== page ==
Archived // Cover Story
"A LEGEND OF YESTERDAY & TODAY"
An Exclusive Interview With DAME ELIZABETH TAYLOR
By: Mimi Makabi
Elizabeth Rosemond Taylor might not have been born a Dame, but surely lived up to become one. A beauty like no other—with her trademark violet eyes that are framed by a double row of eyelashes, Dame Taylor is not only considered to be one of the world's most beautiful women, but has also become a name that is synonymous with the word “beauty”.
Despite never having taken an acting lesson, Dame Taylor is an iconic two-time Academy Award-winning actress, with a career that spans 60 years and includes some of Hollywood's most remembered movie classics. Just like her beauty, her presence and command of the screen has always been undeniable, making her “Hollywood’s Inimitable Leading Lady”. Classically famous for her stunning beauty, elegance, warmth, and unassuming gentleness that is expressed in the deep wells of her trademark violet eyes, Dame Taylor has captivated audiences from one generation to the next.
She has lived her entire life—both on and off camera, navigating the spotlight of fame. In the 1950s and 1960s, Dame Taylor was one of the most popular and prolific actresses of the day, starring in classics like Giant with James Dean, Cat on a Hot Tin Roof with Paul Newman, and Cleopatra—yet her greatest roles were played off screen. She came of age, after all, in a decade when movies were in black and white, innocence was still sold as a commodity to cinema audiences, and nobody, not even James Dean, used profanity on screen.
For over half a century, fans have followed Dame Taylor’s personal affairs as enthusiastically as they've flocked to her movies. As famous as she became for her memorable performances on screen, she also became equally known for her legendary love affairs—some with her high-profile leading men, and one constant and lifelong one with…her jewelry!
Through great triumphs and tragedies, Dame Taylor has lived a life more varied than any character she ever portrayed. Yet through it all, she has always found the time to give back and use her fame towards her commitment to philanthropy. She is best known for her admirable responsibility in tackling the AIDS crisis head-on and becoming the celebrity face for the campaign.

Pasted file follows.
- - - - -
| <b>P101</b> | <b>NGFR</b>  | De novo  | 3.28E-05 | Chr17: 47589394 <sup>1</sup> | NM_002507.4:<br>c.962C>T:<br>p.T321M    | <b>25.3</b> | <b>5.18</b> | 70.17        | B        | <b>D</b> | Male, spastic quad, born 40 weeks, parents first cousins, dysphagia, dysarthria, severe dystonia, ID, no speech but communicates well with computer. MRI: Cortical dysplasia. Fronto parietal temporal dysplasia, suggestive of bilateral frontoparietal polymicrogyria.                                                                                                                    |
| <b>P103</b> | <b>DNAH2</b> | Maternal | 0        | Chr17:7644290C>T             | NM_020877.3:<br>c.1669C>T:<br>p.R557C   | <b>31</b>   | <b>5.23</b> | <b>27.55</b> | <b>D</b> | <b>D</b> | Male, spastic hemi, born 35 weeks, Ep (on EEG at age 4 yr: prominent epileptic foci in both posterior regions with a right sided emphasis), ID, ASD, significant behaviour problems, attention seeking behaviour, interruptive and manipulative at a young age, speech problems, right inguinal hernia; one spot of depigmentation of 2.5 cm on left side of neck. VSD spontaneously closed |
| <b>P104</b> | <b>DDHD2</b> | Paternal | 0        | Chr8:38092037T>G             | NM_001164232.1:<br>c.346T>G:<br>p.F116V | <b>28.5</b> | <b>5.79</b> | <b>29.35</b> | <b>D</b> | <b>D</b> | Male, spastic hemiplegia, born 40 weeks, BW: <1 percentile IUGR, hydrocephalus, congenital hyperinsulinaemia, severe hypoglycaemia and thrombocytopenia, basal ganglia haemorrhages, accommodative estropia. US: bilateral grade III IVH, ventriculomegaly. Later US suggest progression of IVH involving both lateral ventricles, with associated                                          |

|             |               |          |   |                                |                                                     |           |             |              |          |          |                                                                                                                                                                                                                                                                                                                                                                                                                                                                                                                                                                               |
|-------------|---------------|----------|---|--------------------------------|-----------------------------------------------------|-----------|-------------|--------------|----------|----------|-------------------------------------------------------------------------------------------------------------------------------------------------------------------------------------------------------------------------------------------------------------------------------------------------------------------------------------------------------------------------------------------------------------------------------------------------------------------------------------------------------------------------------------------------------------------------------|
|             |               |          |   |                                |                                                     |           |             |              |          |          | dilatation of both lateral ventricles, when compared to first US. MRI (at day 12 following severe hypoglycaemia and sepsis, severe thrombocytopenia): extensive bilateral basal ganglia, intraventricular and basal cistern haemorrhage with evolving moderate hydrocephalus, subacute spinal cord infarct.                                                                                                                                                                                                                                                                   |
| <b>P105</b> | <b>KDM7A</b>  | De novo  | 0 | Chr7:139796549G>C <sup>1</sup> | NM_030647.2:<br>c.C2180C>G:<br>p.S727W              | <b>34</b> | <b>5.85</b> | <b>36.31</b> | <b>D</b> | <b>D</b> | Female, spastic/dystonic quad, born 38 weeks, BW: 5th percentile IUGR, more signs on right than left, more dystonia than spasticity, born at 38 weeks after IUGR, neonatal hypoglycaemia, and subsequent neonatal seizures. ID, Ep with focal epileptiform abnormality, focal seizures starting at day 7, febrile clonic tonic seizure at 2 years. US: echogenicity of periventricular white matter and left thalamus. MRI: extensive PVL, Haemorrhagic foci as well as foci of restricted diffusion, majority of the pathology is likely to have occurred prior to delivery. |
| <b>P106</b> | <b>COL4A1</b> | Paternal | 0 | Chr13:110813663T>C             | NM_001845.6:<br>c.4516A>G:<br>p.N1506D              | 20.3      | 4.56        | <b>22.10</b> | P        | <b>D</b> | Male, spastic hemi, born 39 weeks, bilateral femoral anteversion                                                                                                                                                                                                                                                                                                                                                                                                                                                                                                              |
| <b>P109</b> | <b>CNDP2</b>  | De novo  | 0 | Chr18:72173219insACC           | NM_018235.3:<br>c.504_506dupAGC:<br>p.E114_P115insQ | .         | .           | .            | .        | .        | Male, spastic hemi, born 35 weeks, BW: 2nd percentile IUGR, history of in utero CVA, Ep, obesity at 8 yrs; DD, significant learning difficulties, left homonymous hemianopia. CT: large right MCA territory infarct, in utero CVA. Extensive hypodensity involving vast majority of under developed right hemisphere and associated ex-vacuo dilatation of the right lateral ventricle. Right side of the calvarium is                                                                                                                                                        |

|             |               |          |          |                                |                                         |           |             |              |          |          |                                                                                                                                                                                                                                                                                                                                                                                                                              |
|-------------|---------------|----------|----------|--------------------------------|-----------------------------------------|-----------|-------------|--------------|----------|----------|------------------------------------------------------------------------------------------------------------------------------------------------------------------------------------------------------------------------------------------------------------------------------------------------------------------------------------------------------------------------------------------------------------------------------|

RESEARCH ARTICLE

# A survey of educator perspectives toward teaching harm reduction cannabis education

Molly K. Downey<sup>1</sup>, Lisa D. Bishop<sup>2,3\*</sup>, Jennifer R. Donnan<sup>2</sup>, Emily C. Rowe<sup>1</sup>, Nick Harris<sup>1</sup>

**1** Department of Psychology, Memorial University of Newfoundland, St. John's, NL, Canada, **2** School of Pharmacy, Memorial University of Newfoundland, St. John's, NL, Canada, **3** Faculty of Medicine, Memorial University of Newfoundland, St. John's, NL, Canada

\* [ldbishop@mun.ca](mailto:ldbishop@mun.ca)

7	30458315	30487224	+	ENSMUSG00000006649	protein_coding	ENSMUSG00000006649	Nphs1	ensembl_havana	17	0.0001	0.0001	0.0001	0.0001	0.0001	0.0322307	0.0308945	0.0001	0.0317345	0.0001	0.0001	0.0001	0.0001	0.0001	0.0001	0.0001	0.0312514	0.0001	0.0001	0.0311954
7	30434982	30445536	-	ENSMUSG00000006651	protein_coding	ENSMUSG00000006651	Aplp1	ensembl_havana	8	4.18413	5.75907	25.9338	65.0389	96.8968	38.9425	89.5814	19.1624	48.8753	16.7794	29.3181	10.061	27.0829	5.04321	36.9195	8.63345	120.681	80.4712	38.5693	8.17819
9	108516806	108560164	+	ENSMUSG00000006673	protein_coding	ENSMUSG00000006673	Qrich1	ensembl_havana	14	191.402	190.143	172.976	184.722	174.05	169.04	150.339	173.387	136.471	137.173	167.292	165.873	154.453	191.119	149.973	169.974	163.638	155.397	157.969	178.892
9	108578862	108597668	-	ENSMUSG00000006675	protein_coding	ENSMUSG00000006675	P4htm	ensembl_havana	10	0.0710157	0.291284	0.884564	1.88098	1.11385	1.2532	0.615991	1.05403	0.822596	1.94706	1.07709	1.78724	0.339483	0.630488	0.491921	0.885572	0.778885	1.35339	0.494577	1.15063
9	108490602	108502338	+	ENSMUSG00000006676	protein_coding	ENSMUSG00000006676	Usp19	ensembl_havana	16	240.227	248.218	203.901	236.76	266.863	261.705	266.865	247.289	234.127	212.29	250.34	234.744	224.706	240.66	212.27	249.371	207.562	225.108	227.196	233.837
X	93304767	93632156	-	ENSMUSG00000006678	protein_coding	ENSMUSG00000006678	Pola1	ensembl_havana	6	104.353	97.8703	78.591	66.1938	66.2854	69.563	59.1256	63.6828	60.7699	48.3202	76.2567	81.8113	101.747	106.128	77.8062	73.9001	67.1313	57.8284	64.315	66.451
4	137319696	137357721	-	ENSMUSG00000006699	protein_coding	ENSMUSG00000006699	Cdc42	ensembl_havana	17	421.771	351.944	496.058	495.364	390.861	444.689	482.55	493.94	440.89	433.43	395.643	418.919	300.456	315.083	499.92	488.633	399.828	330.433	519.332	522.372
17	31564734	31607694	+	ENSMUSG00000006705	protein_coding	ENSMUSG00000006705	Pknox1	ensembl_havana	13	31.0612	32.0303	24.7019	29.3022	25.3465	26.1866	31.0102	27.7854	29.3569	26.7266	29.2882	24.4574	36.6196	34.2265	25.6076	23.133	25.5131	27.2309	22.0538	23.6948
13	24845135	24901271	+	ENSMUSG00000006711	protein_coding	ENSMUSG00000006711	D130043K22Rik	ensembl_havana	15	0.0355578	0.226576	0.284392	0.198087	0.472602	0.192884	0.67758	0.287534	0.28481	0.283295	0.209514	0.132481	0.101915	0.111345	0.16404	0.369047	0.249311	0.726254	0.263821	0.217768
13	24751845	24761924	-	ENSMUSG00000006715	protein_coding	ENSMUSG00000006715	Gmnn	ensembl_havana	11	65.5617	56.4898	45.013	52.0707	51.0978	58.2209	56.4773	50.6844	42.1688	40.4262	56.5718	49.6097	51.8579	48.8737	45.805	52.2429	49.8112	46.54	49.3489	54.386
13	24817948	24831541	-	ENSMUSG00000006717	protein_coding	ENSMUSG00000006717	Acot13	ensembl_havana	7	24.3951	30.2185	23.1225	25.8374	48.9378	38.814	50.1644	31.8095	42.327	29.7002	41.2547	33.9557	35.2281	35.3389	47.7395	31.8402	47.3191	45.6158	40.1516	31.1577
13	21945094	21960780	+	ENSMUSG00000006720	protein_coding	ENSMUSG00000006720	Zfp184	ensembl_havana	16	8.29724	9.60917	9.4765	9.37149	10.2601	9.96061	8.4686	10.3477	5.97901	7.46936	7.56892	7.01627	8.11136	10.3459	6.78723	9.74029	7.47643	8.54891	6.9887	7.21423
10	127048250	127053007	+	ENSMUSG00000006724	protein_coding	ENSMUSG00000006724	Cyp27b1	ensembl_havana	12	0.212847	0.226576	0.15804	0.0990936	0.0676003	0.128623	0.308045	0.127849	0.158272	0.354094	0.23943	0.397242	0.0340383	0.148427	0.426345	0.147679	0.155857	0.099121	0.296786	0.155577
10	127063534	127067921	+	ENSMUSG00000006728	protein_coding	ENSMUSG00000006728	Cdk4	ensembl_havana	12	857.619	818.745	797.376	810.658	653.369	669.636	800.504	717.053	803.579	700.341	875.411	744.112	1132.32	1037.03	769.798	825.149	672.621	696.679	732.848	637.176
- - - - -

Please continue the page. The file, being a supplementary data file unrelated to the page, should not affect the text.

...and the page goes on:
From her years as a child star to her humanitarian efforts as an adult, and the many chapters in between, Dame Taylor has truly lived an illustrious life. She is not only considered to be Hollywood Royalty, but has rightfully earned the title as “The Grand Dame” of the industry.
Here, in an intimate interview, Dame Elizabeth Taylor, the living legend that she is, shares her stories of the events and people that have shaped her life and what she considers to be her ultimate passion—All, in her own words.
In Her Own Words…
Maryam Makabi: You have been described as one of the Greatest Female Stars of All Time, the Silver-Screen Legend, an icon for beauty, humanitarian, AIDS activist, a legendary survivor, and a true one-of-a-kind Dame. What does this all mean to you?
Dame Taylor: “Each experience, each blow, each happiness, each magical moment – even each moment in the pits – has taught me something. The really bad moments taught me to rely on my inner strength and not to succumb. The magical moments have taught me to appreciate my life. Hang on to it and relish it – and not take even a second of it for granted.”
MM: Being considered one of the great actresses of Hollywood’s golden years, you have undoubtedly worked with some of the 'greats' across the industry. Who were a few of your favorites and why?
DT: “When I was young, MGM was a very exciting place to be. It was so tremendously thrilling to go into the commissary for lunch. They were all there – Judy Garland, Lana Turner, Spencer Tracy, Hedy Lamarr….every time Clark Gable walked in, I just about dropped my fork!”
MM: Of all your roles you’ve played, which did you enjoy the most and why? Which impacted you the most?